None of the accused police officers were present at the hearing. They participated from Elazig, Malatya and Hatay via the audio-visual informatics system SEGBIS. The screen hanging on the wall behind the panel of judges was rather small. Even from the front row of the audience it was not possible to recognize the faces on the screen. Therefore, neither the complainant party nor us, the spectators, could perceive the presence of the defendants as something real. During this first hearing of the Tahir Elçi case, the defendants continued to remain somewhat anonymous for everyone in the courtroom. Neither the complainant party, the prosecution, or the panel of judges nor us as the audience were able to see the faces, gestures and attitudes of the people whose voices were only heard for a short time (SEGBIS connection could not be established due to technical problems for a long period of the hearing). But what were the compelling circumstances due to which the accused police officers were not with us at the hearing that day? Indeed, this question was not addressed to them. The presiding judge only asked them whether they would prefer to come to Diyarbakır for the hearings or to connect via SEGBIS from their respective locations. At the beginning of the hearing, the prosecutor summarized the indictment at the request of the presiding judge. Honestly speaking, his statements did not make it clear to those present at the hearing exactly what the defendants were charged with. Following the reading of the indictment, the presiding judge stated that they would commence with the defense of the defendants and that he wanted their defense to be taken without interruption. The attorneys of the complainant objected to this decision, stating that their requests to participate in the proceedings had to be taken before moving on to the defense, because they wanted to use their right to direct questions to the defendants during their defense, however the presiding judge did not accept these objections. It would later be understood that there were no delegated judges in any of the courtrooms from which the defendants were connected. While the absence of a judge responsible for verifying the identity of the defendants led to serious questioning and objections from the complainant party with respect to how to proceed with the trial, the prosecution did not get involved in this matter at all and kept its silence, which it would maintain throughout the hearing. The presiding judge, convinced that this situation did not matter much, decided to commence the hearing.
Türkan Elçi not allowed to speak
During the hearing, all other requests made by the complainant’s representatives were also denied by the presiding judge (who took all requests alone, without even considering consulting the other two members of the panel). Following this, the attorneys of the complainant declared that they would not be “a part of, an extra to the lawlessness practiced here,” and demanded a break from the presiding judge. They added that they needed to discuss how to position themselves in the face of the panel’s approach, which they considered unfair.
When we returned to the courtroom after the break, we saw that about 10 riot police were ready in front of the door where the panel of judges entered. It was noteworthy that the number of security guards in the courtroom had been increased. In the afternoon session of the hearing, Tahir Elçi’s wife Türkan Elçi took the floor. When Elçi started speaking, saying “I had full confidence in you until I got here”, she was hastily interrupted by the presiding judge. The panel did not allow Elçi to read the petition she had prepared and decided that Elçi be warned and would otherwise be removed from the courtroom. The presiding judge’s attitude towards Türkan Elçi further increased the tension in the room and made it impossible for the hearing to be continued. One of the lawyers of the complainant, attorney Nahit Eren asked, “You did not allow a person who lost her husband to speak for 2 minutes. Based on conscience will you make your decision?”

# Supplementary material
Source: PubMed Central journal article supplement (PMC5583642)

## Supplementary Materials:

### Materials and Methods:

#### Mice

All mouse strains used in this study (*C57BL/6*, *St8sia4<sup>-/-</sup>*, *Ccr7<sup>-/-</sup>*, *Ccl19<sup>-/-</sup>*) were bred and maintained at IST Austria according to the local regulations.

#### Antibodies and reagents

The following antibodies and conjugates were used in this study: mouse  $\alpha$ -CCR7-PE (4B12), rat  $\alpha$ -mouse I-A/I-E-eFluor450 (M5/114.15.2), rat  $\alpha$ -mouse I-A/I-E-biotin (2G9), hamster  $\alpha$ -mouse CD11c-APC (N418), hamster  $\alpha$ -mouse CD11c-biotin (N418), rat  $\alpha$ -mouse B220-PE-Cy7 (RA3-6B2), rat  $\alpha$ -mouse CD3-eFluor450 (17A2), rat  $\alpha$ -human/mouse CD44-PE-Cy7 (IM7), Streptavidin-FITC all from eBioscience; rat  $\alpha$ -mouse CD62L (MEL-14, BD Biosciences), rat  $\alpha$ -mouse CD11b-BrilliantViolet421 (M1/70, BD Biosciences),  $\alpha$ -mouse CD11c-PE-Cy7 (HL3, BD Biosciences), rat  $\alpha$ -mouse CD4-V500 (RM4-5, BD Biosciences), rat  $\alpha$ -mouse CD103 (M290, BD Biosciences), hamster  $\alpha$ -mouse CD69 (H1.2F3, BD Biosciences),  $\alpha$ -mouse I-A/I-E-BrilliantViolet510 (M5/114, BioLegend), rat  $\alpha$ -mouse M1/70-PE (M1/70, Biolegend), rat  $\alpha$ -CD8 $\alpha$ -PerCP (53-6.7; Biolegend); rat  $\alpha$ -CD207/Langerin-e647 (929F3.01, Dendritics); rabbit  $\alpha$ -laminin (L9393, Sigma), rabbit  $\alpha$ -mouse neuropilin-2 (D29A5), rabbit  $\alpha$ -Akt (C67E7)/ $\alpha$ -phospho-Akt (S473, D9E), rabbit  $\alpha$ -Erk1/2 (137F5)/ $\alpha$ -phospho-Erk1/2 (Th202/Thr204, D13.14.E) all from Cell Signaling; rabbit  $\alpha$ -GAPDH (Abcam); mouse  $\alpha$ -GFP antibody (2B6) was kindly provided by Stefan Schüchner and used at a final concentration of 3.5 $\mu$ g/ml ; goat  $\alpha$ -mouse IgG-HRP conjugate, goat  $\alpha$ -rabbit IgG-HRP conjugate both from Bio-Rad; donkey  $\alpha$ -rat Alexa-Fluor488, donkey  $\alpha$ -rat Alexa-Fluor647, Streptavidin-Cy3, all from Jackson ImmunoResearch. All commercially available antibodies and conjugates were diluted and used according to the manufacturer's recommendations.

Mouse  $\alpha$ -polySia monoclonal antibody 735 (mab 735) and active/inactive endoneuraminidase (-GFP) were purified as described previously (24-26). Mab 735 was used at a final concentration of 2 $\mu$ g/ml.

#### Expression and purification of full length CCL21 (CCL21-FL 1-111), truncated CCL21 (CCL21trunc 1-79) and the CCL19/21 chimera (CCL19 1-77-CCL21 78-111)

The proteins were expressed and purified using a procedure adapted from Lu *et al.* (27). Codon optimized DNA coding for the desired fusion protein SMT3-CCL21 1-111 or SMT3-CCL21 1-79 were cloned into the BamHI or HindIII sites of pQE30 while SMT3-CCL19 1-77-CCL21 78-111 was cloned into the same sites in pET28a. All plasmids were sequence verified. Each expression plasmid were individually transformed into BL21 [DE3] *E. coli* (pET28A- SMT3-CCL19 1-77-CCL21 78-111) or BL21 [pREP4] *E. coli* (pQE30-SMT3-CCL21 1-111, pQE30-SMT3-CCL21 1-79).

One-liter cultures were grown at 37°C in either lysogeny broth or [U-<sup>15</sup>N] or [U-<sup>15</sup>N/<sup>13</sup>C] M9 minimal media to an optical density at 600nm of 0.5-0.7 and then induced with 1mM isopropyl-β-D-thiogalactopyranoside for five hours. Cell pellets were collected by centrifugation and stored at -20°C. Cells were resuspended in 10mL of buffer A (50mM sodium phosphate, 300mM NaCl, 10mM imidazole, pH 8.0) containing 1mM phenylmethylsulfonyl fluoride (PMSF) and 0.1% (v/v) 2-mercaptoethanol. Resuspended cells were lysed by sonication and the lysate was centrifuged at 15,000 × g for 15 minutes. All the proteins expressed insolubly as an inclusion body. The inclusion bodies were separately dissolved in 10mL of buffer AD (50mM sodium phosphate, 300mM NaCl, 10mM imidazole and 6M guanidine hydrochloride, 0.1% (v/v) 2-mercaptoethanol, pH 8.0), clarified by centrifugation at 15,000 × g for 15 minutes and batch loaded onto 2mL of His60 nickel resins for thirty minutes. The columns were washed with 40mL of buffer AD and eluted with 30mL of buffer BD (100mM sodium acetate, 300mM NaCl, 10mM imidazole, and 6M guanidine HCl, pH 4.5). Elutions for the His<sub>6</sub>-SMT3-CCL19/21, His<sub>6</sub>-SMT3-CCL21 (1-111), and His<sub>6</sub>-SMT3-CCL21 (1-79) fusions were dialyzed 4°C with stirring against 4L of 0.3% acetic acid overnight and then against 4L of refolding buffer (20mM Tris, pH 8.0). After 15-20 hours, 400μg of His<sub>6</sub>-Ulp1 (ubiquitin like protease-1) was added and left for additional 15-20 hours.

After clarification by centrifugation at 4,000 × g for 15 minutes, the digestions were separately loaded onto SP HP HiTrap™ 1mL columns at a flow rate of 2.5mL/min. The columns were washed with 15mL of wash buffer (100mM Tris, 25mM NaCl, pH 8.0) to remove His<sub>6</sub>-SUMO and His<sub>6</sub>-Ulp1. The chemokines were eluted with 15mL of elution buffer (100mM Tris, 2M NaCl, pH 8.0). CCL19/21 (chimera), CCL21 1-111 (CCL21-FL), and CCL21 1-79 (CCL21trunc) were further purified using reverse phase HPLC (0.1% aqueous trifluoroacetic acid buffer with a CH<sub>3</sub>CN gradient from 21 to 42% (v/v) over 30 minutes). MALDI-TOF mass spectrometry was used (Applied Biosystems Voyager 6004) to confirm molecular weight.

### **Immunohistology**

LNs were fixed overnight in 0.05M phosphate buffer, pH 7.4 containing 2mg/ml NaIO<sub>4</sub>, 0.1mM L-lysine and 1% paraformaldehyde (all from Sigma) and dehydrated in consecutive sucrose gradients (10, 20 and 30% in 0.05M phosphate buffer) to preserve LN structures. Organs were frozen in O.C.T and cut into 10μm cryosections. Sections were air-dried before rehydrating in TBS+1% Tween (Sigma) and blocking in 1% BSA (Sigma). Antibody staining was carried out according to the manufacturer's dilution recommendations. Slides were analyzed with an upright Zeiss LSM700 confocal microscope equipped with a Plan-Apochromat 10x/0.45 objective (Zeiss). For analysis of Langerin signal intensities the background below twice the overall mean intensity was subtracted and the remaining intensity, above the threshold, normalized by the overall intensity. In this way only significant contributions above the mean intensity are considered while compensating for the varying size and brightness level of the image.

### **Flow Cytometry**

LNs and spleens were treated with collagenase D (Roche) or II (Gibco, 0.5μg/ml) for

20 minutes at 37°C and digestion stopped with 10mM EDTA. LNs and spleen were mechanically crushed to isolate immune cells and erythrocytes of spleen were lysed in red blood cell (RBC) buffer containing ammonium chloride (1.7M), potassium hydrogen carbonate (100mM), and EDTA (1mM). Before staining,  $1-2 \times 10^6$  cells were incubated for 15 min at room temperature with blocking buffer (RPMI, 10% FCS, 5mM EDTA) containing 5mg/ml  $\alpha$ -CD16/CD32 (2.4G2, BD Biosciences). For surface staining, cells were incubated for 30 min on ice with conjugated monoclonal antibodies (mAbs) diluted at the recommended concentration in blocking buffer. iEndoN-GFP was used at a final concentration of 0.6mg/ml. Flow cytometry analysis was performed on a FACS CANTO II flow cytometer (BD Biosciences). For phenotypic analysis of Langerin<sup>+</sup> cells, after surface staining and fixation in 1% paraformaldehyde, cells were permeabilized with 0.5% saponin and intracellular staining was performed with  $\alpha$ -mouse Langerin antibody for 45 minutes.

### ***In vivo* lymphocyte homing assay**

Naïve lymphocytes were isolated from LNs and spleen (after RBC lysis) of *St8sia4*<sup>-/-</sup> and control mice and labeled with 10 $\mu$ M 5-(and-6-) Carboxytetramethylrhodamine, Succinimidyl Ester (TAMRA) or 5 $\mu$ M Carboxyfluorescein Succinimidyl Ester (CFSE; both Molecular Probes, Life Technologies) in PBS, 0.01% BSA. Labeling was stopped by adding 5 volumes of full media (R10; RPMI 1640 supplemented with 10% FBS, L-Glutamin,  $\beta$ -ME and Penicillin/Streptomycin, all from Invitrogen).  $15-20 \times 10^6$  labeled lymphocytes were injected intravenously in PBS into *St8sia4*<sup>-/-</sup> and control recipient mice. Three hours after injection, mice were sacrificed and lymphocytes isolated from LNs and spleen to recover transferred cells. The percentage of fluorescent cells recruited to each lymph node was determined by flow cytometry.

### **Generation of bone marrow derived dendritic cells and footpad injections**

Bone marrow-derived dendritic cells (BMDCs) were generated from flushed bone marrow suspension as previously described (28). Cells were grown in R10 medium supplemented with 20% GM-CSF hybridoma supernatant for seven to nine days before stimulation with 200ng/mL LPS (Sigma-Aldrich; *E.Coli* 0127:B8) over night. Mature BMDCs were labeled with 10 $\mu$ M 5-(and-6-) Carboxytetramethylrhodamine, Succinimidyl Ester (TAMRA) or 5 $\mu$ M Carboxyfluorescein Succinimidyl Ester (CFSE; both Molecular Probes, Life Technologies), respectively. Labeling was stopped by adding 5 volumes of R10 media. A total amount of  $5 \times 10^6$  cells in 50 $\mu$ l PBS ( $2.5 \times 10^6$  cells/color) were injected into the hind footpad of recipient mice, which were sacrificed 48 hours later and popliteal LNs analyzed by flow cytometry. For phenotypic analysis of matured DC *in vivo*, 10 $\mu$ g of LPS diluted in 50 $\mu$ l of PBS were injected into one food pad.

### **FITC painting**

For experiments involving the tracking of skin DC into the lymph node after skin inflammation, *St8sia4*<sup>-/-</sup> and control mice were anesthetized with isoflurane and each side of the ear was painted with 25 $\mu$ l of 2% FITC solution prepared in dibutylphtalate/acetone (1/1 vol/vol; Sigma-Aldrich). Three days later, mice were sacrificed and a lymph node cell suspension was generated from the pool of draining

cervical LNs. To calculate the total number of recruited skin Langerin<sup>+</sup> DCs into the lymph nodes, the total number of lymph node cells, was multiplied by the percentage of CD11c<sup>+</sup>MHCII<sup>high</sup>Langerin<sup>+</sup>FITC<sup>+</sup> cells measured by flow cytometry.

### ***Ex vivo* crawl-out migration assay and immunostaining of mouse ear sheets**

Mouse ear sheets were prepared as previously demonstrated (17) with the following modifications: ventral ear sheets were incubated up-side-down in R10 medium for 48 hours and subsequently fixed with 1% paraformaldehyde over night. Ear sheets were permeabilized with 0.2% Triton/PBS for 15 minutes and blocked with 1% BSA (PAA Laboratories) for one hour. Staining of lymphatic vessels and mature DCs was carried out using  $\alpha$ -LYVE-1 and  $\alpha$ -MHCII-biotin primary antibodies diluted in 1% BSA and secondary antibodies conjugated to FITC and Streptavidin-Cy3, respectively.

Complainants ignored during hearing
The panel of judges ignored the complainant party throughout the entire hearing. It clearly did not admit them to express their demands and opinions. Therefore, the lawyers of the complainants demanded recusal of the judge on the grounds that the panel was not acting independently and impartially. However, the panel ignored the request and threatened to remove the lawyers from the courtroom. When the objections continued, the panel listened to the demands and retreated to negotiate. Deciding to appeal to the next higher court to examine the demand for recusal, the panel ruled that the next hearing would be held on March 3, 2021.
After the hearing, the Elçi family and their lawyers made a press statement in front of the courthouse. Diyarbakır Bar Association President Cihan Aydın said, “It is obvious that the court has lost its impartiality. We can no longer expect a fair trial from this court. This is a trial built on spoliated evidence. They want to close the matter and they call this a trial. There is no trial here, technically there isn’t even a court.” Now, only outside the courthouse in which the case was held, Türkan Elçi had the opportunity to share her petition, which she had not been allowed to read during the hearing, with the members of the press and those who had come to observe the hearing. The first hearing of the case regarding the death of Tahir Elçi, who devoted his entire life to advocacy for people who were subjected to serious human rights violations, was carried out in a manner that raised concerns regarding a fair and effective trial.